Tesla Coils 'Sing' in Electrifying Performance

ArcAttack's Singing Tesla Coils
ArcAttack performed with their "singing" Tesla coils on April 23, 2016, at the Smithsonian magazine's "Future Is Here" festival. (Image credit: Denise Chow/Live Science)

WASHINGTON — When most people rave about seeing an "electrifying" performance, they typically aren't talking about witnessing real lightning on stage. But for the band ArcAttack, harnessing the power of 1 million volts of electricity — and turning that energy into music — is business as usual.

ArcAttack creates music using two giant structures called Tesla coils, which were invented by the eccentric genius Nikola Tesla in 1891, as part of his dream to develop a way to transmit electricity around the world without any wires. Now, more than 120 years later, a band that is described by its founding member, Joe DiPrima, as a "mad scientist-slash-rock group," has found an innovative way to use these tower-like structures for entertainment.

The band performed Saturday (April 23) here at Smithsonian magazine's "The Future Is Here" festival, a three-day event that explores the intersection of science and science fiction. [Science Fact of Fiction? The Plausibility of 10 Sci-Fi Concepts]

When they are played, the Tesla coils emit a soft buzz before unleashing long tentacles of electricity. These sparks not only serve as a dramatic way to light up the stage, but also "sing" musical notes by causing air molecules to vibrate, creating sound waves. A bass guitarist typically accompanies the coils; during part of Saturday's performance, he donned a metal suit and protective helmet, and stood between the two coils, playing a guitar as giant sparks lapped at the custom-made, lightning-proof instrument.

Tesla invented his coil to do things like light up fluorescent bulbs without any connecting wires, but ArcAttack's coils feature a slightly more modern design, making use of some components that weren't available in the 1890s. But overall, Tesla's original invention remains mostly unchanged, according to the band.

ArcAttack's Tesla coils have been "engineered in such a way that they play music," DiPrima said. "The main tones you're hearing are from the spark itself."

The Tesla coils consist of a primary coil and a secondary coil, each with a capacitor to store electrical energy and an inductor that resists changes in the electric current passing through.

ArcAttack's system takes low-voltage energy from a power source and then "steps it up" to a high voltage with a transformer. The devices store energy by vibrating at their natural frequency, and when the entire system is up and running, the primary and secondary coils can pass energy back and forth between each other. Eventually, the voltage at the top of the structure gets so high that it needs to burst out as an electric current. For the coils to play musical notes, though, DiPrima and his bandmates control the current and resulting sparks, toying with the frequencies so that the audience perceives the "pops" as pitches.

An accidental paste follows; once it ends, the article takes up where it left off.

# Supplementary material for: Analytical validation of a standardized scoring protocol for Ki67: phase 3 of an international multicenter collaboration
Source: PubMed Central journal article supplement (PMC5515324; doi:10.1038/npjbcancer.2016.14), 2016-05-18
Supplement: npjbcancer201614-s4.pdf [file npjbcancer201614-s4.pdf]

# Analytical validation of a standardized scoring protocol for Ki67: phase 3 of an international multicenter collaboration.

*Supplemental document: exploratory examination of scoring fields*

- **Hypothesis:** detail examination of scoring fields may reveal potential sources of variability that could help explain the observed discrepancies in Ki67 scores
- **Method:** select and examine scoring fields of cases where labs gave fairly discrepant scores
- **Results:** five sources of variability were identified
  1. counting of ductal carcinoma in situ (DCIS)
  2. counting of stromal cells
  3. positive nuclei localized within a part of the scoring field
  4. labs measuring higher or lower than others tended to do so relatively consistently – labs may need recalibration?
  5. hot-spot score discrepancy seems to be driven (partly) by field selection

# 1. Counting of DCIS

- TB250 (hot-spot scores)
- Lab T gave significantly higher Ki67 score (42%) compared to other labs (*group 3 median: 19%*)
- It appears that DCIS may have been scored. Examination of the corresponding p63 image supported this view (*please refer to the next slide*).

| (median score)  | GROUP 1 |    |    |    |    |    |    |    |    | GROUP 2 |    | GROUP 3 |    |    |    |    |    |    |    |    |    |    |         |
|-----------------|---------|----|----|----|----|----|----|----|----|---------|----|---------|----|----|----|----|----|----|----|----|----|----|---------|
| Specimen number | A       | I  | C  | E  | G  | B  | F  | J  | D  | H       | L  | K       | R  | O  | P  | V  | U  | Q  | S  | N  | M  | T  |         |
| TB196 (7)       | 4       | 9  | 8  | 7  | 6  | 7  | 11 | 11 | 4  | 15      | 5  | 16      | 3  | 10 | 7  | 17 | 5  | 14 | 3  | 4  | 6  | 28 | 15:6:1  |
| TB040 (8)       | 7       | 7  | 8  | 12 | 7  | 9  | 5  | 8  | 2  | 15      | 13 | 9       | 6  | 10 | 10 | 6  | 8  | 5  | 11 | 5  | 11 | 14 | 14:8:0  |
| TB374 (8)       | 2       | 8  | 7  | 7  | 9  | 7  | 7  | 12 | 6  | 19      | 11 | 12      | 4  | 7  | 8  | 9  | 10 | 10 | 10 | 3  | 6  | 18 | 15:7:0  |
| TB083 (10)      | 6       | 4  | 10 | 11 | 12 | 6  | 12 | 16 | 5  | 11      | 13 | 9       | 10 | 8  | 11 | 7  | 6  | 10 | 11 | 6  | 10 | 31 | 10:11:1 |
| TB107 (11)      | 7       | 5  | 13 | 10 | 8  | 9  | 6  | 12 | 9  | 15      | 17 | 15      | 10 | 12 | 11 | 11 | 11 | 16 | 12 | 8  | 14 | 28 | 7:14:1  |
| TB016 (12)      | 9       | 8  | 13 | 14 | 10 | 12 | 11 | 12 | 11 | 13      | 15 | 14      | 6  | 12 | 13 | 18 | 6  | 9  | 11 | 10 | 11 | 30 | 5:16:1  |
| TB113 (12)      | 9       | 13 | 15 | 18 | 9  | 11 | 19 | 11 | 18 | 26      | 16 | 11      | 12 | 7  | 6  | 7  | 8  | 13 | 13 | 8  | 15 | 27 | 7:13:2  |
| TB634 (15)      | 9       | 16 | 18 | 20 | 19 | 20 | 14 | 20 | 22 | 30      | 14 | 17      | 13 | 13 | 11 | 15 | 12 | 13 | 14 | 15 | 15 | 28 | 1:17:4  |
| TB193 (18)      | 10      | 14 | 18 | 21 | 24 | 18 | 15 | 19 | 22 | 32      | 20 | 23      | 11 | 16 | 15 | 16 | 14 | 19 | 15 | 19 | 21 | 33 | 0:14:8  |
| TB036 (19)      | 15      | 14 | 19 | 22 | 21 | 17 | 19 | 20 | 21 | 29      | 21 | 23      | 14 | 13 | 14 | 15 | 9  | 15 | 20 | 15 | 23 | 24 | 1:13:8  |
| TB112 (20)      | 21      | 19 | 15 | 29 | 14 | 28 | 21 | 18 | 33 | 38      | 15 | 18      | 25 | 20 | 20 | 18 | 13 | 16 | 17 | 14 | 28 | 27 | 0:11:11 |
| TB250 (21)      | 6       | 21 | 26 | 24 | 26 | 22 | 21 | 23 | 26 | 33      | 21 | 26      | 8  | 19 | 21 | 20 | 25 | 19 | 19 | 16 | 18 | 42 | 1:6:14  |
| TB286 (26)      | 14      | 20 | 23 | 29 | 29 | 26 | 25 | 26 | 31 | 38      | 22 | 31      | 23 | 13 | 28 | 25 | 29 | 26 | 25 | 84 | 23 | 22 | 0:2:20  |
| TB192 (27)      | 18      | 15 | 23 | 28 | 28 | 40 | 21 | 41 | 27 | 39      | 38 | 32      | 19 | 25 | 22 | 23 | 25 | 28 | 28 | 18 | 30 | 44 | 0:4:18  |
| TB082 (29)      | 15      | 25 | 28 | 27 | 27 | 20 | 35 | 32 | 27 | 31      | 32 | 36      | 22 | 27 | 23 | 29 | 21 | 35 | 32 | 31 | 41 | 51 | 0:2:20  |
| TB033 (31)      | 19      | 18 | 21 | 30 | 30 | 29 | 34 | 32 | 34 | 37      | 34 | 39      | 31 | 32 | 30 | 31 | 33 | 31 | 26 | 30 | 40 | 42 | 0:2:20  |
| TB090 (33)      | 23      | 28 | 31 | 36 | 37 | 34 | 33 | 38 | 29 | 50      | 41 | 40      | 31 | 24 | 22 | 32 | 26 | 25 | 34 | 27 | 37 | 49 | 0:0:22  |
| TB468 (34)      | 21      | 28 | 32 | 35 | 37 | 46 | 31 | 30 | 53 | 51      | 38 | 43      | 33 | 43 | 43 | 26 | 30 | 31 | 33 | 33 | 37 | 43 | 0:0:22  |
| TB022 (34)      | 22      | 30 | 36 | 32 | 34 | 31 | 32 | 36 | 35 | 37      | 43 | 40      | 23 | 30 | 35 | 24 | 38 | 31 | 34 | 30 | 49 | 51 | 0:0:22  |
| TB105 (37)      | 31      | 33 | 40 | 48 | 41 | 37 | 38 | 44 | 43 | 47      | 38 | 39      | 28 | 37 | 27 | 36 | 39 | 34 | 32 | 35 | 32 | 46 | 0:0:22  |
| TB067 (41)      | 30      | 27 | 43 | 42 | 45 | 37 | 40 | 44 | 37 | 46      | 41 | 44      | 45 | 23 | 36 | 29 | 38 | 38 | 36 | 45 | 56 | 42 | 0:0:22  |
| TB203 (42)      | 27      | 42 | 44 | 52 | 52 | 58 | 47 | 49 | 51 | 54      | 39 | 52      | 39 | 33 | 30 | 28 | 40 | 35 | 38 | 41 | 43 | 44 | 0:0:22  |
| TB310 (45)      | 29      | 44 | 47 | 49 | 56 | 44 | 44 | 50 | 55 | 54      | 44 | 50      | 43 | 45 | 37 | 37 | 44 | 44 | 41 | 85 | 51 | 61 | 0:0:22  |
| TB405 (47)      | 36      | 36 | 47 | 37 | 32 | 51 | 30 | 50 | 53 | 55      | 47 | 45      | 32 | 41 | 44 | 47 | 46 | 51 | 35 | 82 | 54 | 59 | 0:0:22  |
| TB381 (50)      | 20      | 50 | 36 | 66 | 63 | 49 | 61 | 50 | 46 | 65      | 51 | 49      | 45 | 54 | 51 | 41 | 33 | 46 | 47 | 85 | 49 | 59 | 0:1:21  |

In 2010, ArcAttack competed on the reality show "America's Got Talent," performing in the semifinals before they were eliminated. Now, the Austin, Texas-based band tours the country, doing live performances and educational outreach, such as making their equipment available to science museums, according to the group's website.

Working with electricity obviously requires rigorous safety provisions, but DiPrima, who used to work as a television repairman, said the singing Tesla coils are safer than people might expect.

"I've shocked myself with televisions way more," he said.

Follow Denise Chow on Twitter @denisechow. Follow Live Science @livescience, Facebook & Google+. Original article on Live Science.

Denise Chow
Live Science Contributor

Denise Chow was the assistant managing editor at Live Science before moving to NBC News as a science reporter, where she focuses on general science and climate change. Before joining the Live Science team in 2013, she spent two years as a staff writer for Space.com, writing about rocket launches and covering NASA's final three space shuttle missions. A Canadian transplant, Denise has a bachelor's degree from the University of Toronto, and a master's degree in journalism from New York University.